YMMV: The Good, the Bad and the Ugly

  • Awesome Music: "The Ecstasy of Gold" and "The Trio" play a large part in creating one of the most memorable finales in the history of film. The former in particular is so memorable that Metallica have used "The Ecstasy of Gold" to open their concerts since 1983.
  • Complete Monster: Angel Eyes/Sentenza ("The Bad") from the original cut is a sociopathic mercenary whose only concern is making as much money as possible. In the opening scenes of the film, he tracks down and murders a man at another's behest. When his victim offers him money if he will spare his life, Angel Eyes replies, "Once I'm been paid, I always see my job through to the end." He kills the man and his son, takes the money, and reports to his employer...whom he promptly kills, since he wants to keep the gold he's found out about for himself. He proceeds to beat the information about the location of the gold out of a hooker. Later on, he has Tuco tortured and watches with absolutely no emotion on his face. While this is going on, he has his men force the POWs to sing in order to cover up the sounds of their friends being tortured. He's less a character than he is Greed in a trench coat and cowboy hat. He's so bad that the other two main characters — no saints themselvesboth agree to shoot him in the three-way Mexican Standoff that ends the film, despite their extreme distaste for one another. Cold-blooded and without remorse, Angel Eyes will cross any lines, and commit any crime as long as he can make a profit doing it.
  • Designated Hero: Outside of a Pet the Dog moment here and there, Blondie's status as "the Good" is... pretty questionable. He mostly comes across well in comparison with his rivals.
  • Ear Worm: One of the most unforgettable musical scores in history. And by that we mean this.
  • Epic Riff: The flute part at the beginning of the main theme.
  • Even Better Sequel: All of the Dollars Trilogy is generally considered good, but The Good, the Bad and the Ugly is the best-known one. And for good reason.
  • Evil Is Cool: Angel Eyes might be an utter bastard, but damn if he isn't a badass.
  • Foe Yay/Ho Yay: Blondie and Tuco, mostly carried through bizarre Does This Remind You of Anything? innuendo. They are really into tying each other up, Tuco bursts in on Blondie tenderly polishing his gun in his hotel room (not a euphemism), and while Blondie is talking to the naked Tuco in the bathtub, he smirks, while suggestively playing with the end of a bedpost. This is almost certainly intentional, as Sergio Leone made them share a bed for the whole of filming as Enforced Method Acting. Quentin Tarantino, who was heavily influenced by the film, claims to ship it a lot.
  • Fridge Brilliance: while the Mexican Stand Off seems to have an uncertain issue at the first viewing, in an incredibly subtle instance of Show Don'tTell, Leone is actually showing the public how it's going to end: at first Tuco hesitates between Angel Eyes and Blondie, frantically switching his sight between the two, though it is foreshadowed by a scene that Tuco is more inclined to kill Angel Eyes, while Angel Eyes quickly asserts that Blondie is the most dangerous of the two, and stares at him. Meanwhile Blondie looks at Tuco and without exchanging a single world, with only a single nod from Blondie, they agree to both shoot Angel Eyes. They lure the latter into a trap, only staring at each others to have him drop his guard, Angel Eyes thinking he has an opening against Blondie sneaks his hand to his revolver and tries to shoot him, having checked that Tuco wasn't looking either, but Blondie reacts faster and kills Angel Eyes, while Tuco tries to shoot too, only discovering thathis gun was emptied beforehand by Blondie.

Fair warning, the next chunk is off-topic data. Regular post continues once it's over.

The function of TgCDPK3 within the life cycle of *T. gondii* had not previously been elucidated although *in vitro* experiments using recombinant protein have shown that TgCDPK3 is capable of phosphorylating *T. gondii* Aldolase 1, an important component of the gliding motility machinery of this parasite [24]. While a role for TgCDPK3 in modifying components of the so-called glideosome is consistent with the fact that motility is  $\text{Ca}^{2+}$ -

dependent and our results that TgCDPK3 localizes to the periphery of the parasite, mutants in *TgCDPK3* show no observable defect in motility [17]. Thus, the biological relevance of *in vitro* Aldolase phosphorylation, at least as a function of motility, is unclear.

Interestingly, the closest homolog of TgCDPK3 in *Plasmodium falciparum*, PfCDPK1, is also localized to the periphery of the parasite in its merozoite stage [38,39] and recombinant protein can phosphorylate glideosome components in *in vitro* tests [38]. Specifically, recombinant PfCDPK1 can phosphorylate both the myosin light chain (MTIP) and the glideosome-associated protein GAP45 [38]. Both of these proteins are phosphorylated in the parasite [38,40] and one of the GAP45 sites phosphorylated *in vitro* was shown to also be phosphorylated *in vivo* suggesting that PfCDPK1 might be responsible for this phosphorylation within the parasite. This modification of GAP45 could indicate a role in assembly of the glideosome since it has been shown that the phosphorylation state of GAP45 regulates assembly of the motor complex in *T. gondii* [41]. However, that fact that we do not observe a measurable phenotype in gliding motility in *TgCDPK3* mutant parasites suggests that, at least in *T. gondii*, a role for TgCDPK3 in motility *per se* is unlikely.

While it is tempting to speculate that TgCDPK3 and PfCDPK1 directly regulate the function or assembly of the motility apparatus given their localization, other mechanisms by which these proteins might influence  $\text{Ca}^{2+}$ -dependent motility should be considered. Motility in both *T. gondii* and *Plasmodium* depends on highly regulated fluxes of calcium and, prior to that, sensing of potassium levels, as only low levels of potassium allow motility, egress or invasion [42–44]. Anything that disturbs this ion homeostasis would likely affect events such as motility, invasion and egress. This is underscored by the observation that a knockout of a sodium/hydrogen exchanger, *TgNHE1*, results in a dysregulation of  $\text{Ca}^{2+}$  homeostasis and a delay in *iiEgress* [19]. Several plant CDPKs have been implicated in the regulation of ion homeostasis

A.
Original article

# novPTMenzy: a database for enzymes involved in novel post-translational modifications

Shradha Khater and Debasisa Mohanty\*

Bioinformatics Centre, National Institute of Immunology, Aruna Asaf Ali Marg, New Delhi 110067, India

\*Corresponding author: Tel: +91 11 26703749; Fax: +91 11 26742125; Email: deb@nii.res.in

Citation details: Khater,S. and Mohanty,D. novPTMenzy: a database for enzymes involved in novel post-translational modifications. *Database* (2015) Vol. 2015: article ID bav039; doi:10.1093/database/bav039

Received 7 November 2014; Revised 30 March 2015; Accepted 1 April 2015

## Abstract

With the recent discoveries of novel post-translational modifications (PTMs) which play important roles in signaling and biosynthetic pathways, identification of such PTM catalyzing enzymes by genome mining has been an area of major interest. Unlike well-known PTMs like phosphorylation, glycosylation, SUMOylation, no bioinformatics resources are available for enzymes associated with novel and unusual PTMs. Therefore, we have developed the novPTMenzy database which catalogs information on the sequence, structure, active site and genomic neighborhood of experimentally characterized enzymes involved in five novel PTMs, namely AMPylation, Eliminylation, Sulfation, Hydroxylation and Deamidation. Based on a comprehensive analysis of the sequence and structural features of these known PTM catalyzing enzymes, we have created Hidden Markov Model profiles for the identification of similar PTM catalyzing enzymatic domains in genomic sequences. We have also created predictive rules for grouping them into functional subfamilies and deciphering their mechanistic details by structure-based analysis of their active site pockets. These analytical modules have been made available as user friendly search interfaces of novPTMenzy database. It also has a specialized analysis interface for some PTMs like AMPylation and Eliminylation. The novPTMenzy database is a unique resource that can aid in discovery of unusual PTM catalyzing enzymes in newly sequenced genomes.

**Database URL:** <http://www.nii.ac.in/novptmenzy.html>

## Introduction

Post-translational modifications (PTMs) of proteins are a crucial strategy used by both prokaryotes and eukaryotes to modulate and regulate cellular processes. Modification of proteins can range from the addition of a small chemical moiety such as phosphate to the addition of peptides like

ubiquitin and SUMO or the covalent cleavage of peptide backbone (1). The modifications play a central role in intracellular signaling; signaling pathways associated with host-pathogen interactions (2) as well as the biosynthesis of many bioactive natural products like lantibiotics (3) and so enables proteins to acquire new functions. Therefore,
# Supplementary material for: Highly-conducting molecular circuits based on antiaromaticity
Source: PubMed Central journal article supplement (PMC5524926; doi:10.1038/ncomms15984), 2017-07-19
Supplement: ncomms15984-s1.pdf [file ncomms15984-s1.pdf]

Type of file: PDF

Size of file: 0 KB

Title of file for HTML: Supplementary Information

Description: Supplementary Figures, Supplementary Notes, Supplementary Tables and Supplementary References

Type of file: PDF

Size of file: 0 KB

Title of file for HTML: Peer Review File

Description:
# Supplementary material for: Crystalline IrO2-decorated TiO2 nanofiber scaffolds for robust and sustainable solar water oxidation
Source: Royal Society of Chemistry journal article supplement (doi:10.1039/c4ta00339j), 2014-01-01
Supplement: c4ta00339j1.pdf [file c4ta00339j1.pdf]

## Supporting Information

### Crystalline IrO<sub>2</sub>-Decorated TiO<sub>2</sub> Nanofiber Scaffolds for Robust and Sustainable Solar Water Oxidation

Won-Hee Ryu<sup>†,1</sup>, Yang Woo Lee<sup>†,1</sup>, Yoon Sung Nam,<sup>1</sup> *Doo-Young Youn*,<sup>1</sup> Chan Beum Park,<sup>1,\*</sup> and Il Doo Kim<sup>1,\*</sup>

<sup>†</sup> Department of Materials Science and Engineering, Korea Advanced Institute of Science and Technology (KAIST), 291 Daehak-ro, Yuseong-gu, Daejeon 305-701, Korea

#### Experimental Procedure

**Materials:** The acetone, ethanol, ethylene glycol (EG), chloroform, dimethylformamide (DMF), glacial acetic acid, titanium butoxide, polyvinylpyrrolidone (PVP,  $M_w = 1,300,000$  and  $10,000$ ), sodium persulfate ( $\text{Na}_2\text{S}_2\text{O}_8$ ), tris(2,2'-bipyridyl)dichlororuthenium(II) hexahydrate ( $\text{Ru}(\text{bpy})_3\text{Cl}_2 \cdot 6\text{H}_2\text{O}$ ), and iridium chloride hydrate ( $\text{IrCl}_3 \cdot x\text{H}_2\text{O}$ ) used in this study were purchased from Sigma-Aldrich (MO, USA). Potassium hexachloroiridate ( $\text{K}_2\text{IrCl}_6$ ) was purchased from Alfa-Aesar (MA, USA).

• Love to Hate: Angel Eyes.
  • Jerkass Woobie: Tuco. It's somewhat ironic that the most sympathetic and likable character is the one who's most morally ambiguous.
  • Magnum Opus: For Sergio Leone, it's a toss-up between this or Once Upon a Time in the West. This film is also a frequent contender for the greatest Spaghetti Western and even the greatest Western of all time.
  • Memetic Mutation:
  • Moral Event Horizon: Angel Eyes crossed the line at the beginning of the movie, killing the son of the man he was hired to kill. It's one thing to kill the man himself, as that was just business ("When I'm paid, I always see the job through."); he didn't have to kill anyone else beyond those he was hired to kill (yes, those–just before dying, Stevens pays Angel Eyes to bump off the guy that sent him to do the deed). Although the boy came running down the stairs behind him, rifle drawn. Angel Eyes was too smart to chance that the boy would be too scared to pull the trigger.
  • Nightmare Fuel: Tuco mentally torturing a dehydrated Blondie in a sunny desert. It's easily the character's most cruel moment. It makes Blondie finally gaining the upper hand by finding out the name on the grave that much more awesome.
  • One-Scene Wonder: The Union Captain at the bridge fight.
  • Sequel Displacement: The last film of the trilogy is generally more well-known than the previous two.
  • Values Dissonance: Possibly intentional. The ridiculously long list of charges read at one of Tuco's near-hangings explicitly mentioned that he was hanging for raping a white woman, but having consensual sex with a black woman.
  • What an Idiot: In an ultimate example that involves Evil Gloating interrupted with a Talk to the Fist, the One-Armed Bounty Hunter that caught Tuco while the latter was taking a bath. Tuco even mentioned that if he was going to shoot him, shoot. Don't talk.
  • What Do You Mean, It's Not Symbolic?: Blondie comforting the dying Confederate soldier. Clint Eastwood claimed he knew his days of making movies with Sergio Leone were over when they filmed it.